Public Health


American Lung Association Releases 2021 State of Tobacco Control Grades.

The American Lung Association recently released their 19th annual State of Tobacco Control 2021 Grades. This is an annual comprehensive report that assigns grades based on strategic methodology to counties, states, and the nation regarding tobacco control policies. Some of the policy areas considered are tobacco retail licensing, flavored tobacco bans, smoke-free multi-unit housing, smoke-free outdoor areas, and smoke-free outdoor worksites. These individual grades are then combined to create an overall state of tobacco grade for each city, county, state, and the U.S. Within Sacramento County, Rancho Cordova received the only overall “A” grade, with other jurisdictions receiving “C,” “D,” and “F” grades. According to the American Lung Association’s report, out of the eight jurisdictions in Sacramento County, only one protects outdoor workers from exposure to secondhand smoke and secondhand aerosol. Citrus Heights is the only jurisdiction to have a smoke-free outdoor worksites policy that pertains to all workplace environments and includes the prohibition of electronic cigarette type products. This is concerning for the health of outdoor workers in Sacramento County.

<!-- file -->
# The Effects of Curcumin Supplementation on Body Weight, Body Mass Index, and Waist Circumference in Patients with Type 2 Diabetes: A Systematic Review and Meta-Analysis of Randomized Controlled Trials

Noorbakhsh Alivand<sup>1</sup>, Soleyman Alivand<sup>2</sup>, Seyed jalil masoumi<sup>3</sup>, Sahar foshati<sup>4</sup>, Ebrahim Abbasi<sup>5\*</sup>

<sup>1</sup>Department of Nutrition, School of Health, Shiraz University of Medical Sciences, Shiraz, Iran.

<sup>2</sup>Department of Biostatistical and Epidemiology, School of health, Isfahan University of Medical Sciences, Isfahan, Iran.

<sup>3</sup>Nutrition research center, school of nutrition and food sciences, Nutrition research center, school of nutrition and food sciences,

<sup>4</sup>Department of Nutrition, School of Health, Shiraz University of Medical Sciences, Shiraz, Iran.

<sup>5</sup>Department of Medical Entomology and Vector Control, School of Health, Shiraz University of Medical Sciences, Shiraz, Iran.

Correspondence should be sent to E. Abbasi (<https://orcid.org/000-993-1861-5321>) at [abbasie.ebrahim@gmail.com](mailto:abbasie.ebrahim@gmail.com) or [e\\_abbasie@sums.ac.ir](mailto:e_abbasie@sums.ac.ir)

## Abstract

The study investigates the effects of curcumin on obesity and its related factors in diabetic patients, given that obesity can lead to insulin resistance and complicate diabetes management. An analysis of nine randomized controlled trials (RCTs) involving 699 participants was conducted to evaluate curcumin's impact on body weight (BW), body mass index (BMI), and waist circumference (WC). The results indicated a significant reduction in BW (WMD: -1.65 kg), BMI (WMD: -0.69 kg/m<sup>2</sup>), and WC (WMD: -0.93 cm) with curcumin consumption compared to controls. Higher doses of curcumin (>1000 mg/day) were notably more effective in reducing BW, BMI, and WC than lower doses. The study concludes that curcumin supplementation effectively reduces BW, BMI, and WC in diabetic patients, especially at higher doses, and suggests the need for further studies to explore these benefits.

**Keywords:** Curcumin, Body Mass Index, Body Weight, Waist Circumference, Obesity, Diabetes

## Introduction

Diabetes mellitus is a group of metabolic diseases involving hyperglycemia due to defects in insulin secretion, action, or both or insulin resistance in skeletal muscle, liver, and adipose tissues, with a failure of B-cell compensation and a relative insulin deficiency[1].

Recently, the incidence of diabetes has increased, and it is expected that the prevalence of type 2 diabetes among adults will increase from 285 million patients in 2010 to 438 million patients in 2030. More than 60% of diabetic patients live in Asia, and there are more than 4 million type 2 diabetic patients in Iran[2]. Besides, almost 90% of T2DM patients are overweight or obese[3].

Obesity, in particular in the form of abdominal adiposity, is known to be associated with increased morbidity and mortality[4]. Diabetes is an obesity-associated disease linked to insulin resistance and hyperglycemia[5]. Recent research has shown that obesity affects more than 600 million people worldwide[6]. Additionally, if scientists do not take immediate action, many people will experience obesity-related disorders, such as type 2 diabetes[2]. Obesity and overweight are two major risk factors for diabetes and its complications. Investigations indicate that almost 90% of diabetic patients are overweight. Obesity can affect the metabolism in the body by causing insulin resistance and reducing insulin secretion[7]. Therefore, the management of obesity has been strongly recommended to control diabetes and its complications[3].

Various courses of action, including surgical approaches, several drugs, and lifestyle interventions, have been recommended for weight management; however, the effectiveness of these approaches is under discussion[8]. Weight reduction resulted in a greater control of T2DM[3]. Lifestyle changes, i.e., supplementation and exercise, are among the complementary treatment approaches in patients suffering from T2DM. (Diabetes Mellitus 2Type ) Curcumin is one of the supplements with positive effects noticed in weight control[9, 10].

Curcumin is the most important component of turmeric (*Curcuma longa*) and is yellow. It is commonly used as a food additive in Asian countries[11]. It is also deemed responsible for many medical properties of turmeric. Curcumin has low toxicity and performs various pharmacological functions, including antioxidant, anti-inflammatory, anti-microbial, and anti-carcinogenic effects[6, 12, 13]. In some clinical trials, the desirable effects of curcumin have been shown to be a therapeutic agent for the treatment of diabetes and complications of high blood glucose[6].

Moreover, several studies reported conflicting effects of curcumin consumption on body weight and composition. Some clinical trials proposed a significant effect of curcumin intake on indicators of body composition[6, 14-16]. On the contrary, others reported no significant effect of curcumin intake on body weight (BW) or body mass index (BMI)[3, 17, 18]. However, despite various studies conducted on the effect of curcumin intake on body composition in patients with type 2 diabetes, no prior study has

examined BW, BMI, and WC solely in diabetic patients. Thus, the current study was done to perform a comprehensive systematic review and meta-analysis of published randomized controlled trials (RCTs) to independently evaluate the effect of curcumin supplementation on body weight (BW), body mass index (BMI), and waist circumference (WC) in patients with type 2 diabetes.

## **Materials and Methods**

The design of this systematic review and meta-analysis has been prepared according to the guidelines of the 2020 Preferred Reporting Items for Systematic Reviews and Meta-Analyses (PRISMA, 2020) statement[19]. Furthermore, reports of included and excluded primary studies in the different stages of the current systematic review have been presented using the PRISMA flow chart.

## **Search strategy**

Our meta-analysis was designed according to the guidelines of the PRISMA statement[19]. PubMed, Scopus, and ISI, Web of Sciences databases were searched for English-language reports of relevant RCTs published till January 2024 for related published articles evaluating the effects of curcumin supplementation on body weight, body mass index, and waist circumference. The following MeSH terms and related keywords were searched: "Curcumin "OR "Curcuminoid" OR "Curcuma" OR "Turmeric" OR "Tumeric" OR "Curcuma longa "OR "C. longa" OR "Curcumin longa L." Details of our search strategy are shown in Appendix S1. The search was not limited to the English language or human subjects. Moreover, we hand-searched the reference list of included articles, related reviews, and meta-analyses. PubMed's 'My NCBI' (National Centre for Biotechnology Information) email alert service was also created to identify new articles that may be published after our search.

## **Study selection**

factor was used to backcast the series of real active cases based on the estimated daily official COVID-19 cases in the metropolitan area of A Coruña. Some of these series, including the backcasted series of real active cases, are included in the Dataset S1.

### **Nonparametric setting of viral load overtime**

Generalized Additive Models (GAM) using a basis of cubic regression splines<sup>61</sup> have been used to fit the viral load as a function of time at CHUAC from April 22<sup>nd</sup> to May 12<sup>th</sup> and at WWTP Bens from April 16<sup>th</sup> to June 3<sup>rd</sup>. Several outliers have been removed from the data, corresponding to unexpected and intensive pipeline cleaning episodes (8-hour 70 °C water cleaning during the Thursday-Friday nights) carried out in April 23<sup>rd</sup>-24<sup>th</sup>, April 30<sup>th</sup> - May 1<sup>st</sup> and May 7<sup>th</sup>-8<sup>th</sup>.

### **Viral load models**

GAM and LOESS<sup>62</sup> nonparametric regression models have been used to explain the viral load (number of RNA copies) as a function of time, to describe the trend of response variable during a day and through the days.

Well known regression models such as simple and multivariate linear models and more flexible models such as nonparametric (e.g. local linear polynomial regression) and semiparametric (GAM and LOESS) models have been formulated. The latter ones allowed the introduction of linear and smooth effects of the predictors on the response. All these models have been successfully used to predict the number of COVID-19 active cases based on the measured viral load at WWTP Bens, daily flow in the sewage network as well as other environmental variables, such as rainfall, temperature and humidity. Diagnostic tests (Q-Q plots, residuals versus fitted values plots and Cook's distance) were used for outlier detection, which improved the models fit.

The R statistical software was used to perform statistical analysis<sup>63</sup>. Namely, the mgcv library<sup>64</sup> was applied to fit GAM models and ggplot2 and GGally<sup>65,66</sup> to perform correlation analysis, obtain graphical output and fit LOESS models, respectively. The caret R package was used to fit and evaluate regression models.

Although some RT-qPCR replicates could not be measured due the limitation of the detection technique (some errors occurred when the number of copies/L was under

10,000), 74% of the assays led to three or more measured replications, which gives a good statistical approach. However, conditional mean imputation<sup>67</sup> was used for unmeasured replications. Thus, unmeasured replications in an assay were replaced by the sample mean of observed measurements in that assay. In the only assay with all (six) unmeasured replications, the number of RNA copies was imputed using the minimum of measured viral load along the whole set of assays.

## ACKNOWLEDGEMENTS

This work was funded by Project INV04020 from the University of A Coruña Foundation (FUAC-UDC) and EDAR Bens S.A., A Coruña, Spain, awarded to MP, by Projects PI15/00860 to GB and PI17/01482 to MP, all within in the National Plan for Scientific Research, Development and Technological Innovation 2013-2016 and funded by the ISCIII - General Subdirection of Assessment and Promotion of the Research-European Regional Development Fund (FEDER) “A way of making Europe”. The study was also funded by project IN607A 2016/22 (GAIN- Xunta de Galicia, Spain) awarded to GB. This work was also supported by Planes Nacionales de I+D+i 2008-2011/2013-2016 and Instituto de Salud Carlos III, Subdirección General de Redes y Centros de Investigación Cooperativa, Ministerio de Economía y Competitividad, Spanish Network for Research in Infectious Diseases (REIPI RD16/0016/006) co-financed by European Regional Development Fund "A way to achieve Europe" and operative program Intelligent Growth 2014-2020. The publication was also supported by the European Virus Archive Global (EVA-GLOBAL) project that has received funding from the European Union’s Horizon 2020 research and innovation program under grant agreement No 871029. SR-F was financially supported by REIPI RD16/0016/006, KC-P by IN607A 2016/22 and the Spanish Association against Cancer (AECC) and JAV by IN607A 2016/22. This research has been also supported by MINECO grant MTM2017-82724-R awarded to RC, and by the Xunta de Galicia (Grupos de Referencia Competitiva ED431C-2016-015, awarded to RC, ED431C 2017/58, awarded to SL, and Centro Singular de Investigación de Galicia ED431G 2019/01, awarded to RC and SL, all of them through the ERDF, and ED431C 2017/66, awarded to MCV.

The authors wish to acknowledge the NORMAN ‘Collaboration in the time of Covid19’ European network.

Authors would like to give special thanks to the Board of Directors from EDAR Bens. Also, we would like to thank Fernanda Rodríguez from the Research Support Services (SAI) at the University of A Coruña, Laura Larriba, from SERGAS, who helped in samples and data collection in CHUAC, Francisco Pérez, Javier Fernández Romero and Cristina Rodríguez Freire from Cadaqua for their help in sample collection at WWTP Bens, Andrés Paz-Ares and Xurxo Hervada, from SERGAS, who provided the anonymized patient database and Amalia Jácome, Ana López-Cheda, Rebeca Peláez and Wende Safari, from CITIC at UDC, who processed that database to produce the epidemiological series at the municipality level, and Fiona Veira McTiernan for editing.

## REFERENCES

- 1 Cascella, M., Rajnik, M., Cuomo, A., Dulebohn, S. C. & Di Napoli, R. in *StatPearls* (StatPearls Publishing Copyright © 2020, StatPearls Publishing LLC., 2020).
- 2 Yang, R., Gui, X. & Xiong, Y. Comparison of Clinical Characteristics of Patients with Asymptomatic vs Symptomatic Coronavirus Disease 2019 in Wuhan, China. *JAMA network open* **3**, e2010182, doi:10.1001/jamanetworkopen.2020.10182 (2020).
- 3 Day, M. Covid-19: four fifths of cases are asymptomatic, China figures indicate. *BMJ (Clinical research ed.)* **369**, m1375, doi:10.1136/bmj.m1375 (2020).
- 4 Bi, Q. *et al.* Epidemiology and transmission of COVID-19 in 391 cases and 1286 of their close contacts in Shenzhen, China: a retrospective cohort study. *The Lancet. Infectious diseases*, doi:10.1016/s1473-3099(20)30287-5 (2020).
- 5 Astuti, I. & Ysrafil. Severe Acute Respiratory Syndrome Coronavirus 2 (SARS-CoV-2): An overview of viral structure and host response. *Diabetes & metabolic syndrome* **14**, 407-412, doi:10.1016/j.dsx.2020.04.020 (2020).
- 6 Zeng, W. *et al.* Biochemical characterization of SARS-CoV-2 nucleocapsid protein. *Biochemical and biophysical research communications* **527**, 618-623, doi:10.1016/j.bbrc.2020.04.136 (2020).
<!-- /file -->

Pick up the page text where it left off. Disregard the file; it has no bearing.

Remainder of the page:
In 1995, California passed AB-13, becoming the first state to ban smoking in indoor workspaces, specifically stating, “No employer shall knowingly or intentionally permit, and no person shall engage in, the smoking of tobacco products in an enclosed space at a place of employment.” This bill was extended in 1998 to include bars, taverns, and gaming clubs, but outdoor worksites including construction sites, agricultural facilities, plant nurseries, warehouse facilities, and other outdoor work environments are still not granted the same health protections as indoor workers.

Research shows that blue-collar workers, who mostly work in outdoor workplaces, have higher rates of smoking initiation, higher rates of smoking, and are more likely to be daily smokers when compared to white-collar workers. Exposure to secondhand smoke is a dangerous health risk, as it increases one’s risk of heart disease and stroke and research shows that blue-collar workers have a 53 times greater risk of getting lung cancer due to exposure to secondhand smoke and other workplace toxins.

 Dr. Jerome M. Adams, MD, MPH, explains that smoking leads to “decreased efficiency, errors at work, eye irritation, and reduced attentiveness” which are all issues that affect workplace productivity and safety.  Smoke-free workplaces and employee cessation support improves “employee health, reduces employer costs, and increased productivity.” Further research supports Dr. Adams, demonstrating that social and occupational factors, including workplace policies, impact public health and rates of tobacco use. After looking at Sacramento County’s report card, there is still a need to protect Sacramento County’s outdoor workers and their families from the dangers of commercial tobacco and secondhand smoke.  For further information or questions, contact Taylor Beckwith, Tobacco Control Programs Manager at BCSR via email at

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